George Walford: Confirmations

From time to time IC draws attention to confirmation of parts of s.i. appearing in independent sources, often unexpected ones. Here we offer a small collection.

Andrew Rutherford has written Criminal Justice and the Pursuit of Decency (OUP). It reports three ways of treating criminals, favoured by different groups working in the criminal justice system: degradation, efficient management, and the humanitarian or caring approach. In s.i. terms, the ideologies of domination, precision and reform.

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Dealing with intentional behaviour, s.i. points out the effect upon it of assumptions. Never do we enjoy absolute, unconditional, totally reliable knowledge. We have to balance the evidence for and against any given possibility and perform an act of judgement, accepting the best-supported conclusion. (Although, nearly always, we do this with a speed and informality which makes that phrasing seem hopelessly ponderous). In other words, we make an assumption. Over time each of us acquires an elaborate structure of assumptions and this, rather than any unchallengeable truth or fact, guides our future actions. It also takes part in deciding which assumptions shall henceforth find acceptance.

This finds confirmation in linguistic theory, where prior assumptions appear as the major influence upon the information accepted, outweighing even the content of the message. (The linguists speak of the ‘knowledge’ the listener applies to the message, but all knowledge involves an element of taking for granted; every item of cognition is to some extent assumed, ‘knowledge,’ ‘truth’ and ‘facts’ being terms for the assumptions enjoying the best support). Discussing what happens upon receipt of a message, D.B.Fry explains that the listener brings to bear both a knowledge of the language system [i.e. a set of assumptions concerning it] and ‘a very wide range of statistical information about the language.’ This establishes a set of assumptions concerning ‘sequential probabilities’; what, at any given point, is most likely to come next. The speaker does not enjoy complete freedom, being constrained by the need to ‘make sense’ in the light of what has already been said, and the listener, also, has to ‘make sense’ of the message, using his or her assumptions concerning sequential probabilities to formulate expectations. ‘This factor is so powerful that whenever there is a conflict between what the listener thinks is likely and what actually reaches his ear, it is most frequently the first of these that wins the day.'[1] Or, translating that last sentence into s.i.: The influence exercised by the pre-existing structure of assumptions often outweighs that of the sense-impressions received. (1.D.B.Fry, Speech Reception and Perception, in Lyons J. ed: New Horizons in Linguistics, Harmondsworth: Penguin 1973 (1970), 30)

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IC maintains (readers may feel, ad nauseam), that the belief that the great numbers ‘really’ favour the revolutionary movements, their actual acceptance or support of authoritarian government being a superficial appearance produced by deceit and oppression, is a pathetic fallacy. To put the point with brutal directness, Nazism received immeasurably more support, both public and private, than anarchism has ever done. Freedom, the anarchist fortnightly, agrees with us, although they may not have realised quite what they were saying: ‘It was one of the characteristics of the fascist regimes in Italy and Germany, and Stalinism in Russia and satellites, that the patriotic citizen was prepared to inform not only on his neighbour but even on members of the family.’ (January 8)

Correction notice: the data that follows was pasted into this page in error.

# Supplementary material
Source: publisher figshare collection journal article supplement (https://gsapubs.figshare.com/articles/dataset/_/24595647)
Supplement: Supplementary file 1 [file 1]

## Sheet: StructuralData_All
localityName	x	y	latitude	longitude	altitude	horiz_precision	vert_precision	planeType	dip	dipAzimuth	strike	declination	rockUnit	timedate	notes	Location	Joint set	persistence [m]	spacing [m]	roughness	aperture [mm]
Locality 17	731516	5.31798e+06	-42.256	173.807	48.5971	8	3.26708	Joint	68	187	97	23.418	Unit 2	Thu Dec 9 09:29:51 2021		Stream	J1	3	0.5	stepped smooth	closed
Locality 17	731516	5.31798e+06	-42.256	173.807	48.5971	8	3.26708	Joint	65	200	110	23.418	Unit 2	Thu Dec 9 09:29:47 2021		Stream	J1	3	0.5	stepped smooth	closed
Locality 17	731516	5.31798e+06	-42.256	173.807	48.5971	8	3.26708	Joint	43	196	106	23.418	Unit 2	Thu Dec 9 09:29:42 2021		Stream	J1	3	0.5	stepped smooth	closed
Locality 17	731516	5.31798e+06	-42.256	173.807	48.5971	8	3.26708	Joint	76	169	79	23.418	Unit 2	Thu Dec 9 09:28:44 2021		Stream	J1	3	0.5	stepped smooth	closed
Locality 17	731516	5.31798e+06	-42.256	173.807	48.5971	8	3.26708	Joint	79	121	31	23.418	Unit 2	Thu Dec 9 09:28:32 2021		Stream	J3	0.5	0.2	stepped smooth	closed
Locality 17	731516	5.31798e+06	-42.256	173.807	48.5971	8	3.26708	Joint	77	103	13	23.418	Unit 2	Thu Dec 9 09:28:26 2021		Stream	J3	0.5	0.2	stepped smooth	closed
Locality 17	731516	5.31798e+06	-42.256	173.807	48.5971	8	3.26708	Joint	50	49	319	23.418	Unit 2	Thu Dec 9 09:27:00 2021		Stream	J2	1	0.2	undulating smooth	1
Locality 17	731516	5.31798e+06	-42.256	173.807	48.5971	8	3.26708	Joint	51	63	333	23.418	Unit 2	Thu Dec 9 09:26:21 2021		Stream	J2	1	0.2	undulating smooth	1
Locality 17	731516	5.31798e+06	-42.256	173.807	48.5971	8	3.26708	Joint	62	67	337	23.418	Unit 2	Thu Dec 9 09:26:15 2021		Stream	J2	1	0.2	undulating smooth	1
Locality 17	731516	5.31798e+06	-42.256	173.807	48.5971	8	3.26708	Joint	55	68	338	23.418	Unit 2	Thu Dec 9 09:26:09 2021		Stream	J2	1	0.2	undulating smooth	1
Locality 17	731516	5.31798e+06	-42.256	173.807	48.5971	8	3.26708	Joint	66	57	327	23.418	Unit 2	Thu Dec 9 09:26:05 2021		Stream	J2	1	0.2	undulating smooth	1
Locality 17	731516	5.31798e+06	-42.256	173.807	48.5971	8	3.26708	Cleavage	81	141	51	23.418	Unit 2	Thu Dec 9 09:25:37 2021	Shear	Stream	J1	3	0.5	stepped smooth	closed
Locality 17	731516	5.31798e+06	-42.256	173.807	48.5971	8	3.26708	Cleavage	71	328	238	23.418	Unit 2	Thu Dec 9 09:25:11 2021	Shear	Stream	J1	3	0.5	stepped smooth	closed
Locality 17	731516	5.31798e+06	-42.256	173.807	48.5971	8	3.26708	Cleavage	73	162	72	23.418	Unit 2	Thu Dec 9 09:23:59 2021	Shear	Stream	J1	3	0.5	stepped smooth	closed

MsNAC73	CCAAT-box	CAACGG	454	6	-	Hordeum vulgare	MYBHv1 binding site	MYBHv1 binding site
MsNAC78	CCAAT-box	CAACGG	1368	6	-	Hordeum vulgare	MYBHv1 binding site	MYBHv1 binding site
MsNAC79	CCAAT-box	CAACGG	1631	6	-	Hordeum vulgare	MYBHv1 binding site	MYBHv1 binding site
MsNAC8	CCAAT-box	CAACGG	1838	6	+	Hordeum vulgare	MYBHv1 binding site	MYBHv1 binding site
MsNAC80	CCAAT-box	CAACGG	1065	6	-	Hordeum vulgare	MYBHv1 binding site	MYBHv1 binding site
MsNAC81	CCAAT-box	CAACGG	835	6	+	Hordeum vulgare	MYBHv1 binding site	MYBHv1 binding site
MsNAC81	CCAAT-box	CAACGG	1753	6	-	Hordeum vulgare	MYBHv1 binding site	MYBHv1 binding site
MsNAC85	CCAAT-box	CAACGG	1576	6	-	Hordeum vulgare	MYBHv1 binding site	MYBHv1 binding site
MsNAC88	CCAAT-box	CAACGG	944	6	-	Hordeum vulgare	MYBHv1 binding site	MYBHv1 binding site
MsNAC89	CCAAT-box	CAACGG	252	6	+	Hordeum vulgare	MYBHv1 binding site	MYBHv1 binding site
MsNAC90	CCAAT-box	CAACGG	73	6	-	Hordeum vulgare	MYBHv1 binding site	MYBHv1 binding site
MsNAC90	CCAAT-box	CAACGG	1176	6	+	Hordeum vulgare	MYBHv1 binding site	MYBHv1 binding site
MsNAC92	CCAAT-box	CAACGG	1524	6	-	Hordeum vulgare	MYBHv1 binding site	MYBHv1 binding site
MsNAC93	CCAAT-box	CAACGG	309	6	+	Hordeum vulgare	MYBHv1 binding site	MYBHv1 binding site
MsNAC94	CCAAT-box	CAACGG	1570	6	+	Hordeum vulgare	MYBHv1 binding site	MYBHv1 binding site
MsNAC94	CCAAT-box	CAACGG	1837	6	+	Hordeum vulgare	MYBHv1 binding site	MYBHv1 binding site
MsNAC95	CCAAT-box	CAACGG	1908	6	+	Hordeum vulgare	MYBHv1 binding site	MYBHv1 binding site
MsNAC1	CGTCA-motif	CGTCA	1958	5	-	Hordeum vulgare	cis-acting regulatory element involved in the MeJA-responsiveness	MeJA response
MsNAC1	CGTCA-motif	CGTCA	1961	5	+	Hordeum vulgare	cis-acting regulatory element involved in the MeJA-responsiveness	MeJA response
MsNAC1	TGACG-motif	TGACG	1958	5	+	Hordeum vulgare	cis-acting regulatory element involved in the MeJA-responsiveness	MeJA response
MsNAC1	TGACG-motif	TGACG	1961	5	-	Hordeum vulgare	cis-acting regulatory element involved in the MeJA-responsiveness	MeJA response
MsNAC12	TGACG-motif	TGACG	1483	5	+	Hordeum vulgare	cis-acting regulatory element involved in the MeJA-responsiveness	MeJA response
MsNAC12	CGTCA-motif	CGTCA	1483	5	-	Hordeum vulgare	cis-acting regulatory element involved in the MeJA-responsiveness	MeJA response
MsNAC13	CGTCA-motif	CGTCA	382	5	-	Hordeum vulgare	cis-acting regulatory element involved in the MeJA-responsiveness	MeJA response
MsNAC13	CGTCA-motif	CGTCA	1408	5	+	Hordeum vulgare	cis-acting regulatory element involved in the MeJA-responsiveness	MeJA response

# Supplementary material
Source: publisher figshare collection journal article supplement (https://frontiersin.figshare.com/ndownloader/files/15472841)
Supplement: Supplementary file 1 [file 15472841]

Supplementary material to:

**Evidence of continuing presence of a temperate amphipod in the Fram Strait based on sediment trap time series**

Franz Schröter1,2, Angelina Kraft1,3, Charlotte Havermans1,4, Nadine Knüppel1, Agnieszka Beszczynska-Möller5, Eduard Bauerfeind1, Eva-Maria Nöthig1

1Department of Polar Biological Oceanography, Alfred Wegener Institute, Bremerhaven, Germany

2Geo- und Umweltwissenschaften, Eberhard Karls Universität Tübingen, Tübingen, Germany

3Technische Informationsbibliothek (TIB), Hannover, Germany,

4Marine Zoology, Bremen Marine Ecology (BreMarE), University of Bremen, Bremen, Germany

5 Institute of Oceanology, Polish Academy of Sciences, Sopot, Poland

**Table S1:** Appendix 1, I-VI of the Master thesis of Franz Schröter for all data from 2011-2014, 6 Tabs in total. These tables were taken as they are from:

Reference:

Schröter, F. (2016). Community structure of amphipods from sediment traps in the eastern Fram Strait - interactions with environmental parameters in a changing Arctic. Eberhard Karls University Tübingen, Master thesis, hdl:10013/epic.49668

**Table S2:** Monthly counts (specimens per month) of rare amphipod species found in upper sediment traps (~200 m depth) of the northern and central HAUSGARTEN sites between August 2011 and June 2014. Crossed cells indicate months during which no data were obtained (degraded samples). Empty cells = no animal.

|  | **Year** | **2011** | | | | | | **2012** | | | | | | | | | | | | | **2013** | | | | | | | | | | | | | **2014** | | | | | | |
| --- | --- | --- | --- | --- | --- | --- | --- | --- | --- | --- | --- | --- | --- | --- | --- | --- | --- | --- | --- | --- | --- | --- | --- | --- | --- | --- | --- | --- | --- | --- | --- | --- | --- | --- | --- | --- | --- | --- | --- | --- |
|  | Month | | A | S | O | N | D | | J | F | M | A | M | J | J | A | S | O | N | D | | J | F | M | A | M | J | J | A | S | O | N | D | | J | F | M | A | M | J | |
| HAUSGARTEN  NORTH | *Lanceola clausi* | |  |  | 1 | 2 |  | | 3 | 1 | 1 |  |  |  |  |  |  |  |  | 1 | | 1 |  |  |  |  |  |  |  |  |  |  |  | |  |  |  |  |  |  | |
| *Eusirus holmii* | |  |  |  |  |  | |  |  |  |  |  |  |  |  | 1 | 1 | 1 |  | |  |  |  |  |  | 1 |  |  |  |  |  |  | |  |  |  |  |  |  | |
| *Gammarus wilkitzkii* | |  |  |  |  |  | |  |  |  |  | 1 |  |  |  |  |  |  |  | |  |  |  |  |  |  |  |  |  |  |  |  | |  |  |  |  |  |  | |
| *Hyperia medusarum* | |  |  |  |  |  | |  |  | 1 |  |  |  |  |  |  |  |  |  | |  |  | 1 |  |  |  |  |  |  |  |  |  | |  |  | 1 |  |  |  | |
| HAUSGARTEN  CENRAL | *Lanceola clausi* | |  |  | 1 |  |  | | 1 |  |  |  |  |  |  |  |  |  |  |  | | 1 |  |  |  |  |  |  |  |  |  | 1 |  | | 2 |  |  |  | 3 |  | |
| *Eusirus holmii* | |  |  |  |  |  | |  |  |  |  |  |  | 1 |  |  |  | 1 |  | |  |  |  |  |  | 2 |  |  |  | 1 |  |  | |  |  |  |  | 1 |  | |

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S.i. emphasises the part played by possessive individualism in the primal ideology, the one with which we are all born. Although people who move on to more sophisticated modes of behaviour come to suppress this (without eliminating it) the process needs time, effort and experience, it does not come as an immediate reaction to particular circumstances.

The Zionist kibbutzim began with more than a strong tinge of socialistic ideas, among them belief in the communal mode of life as a cure-all for social ills; experience forced correction. This comes from Professor Anita Shapira’s Land and Power; the Zionist resort to force, 1881-1948 (Oxford UP): ‘When we saw our first children in the babies’ playpen hitting one another, and even grabbing toys for themselves – we were seized by fear. “In that case,” we said, “being educated in communal society is not enough to remove all traces of egoism.” So, little by little, our original utopian social concepts were destroyed.

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S.I. stresses that prior assumptions exercise particular influence in social affairs; here we hardly find even the appearance of a totally objective world independent of ideology. G. M. Tamas has written an article on the recent history of dissidence in Eastern Europe. It shows how institutions appear from two different viewpoints, illustrating the effect of what we can perhaps call ideological parallax: – Law, also known as imposition of political will by an elite. – Public order, aka coercion used to elicit uniform behaviour. – Representative government, aka political deliberation through public controversy conducted by a specialized group. – Liberal capitalism, aka unequal concentration of wealth, fame and influence. – Education, aka indoctrination according to elite preferences. (TLS May 14,15).

from Ideological Commentary 63, February 1994.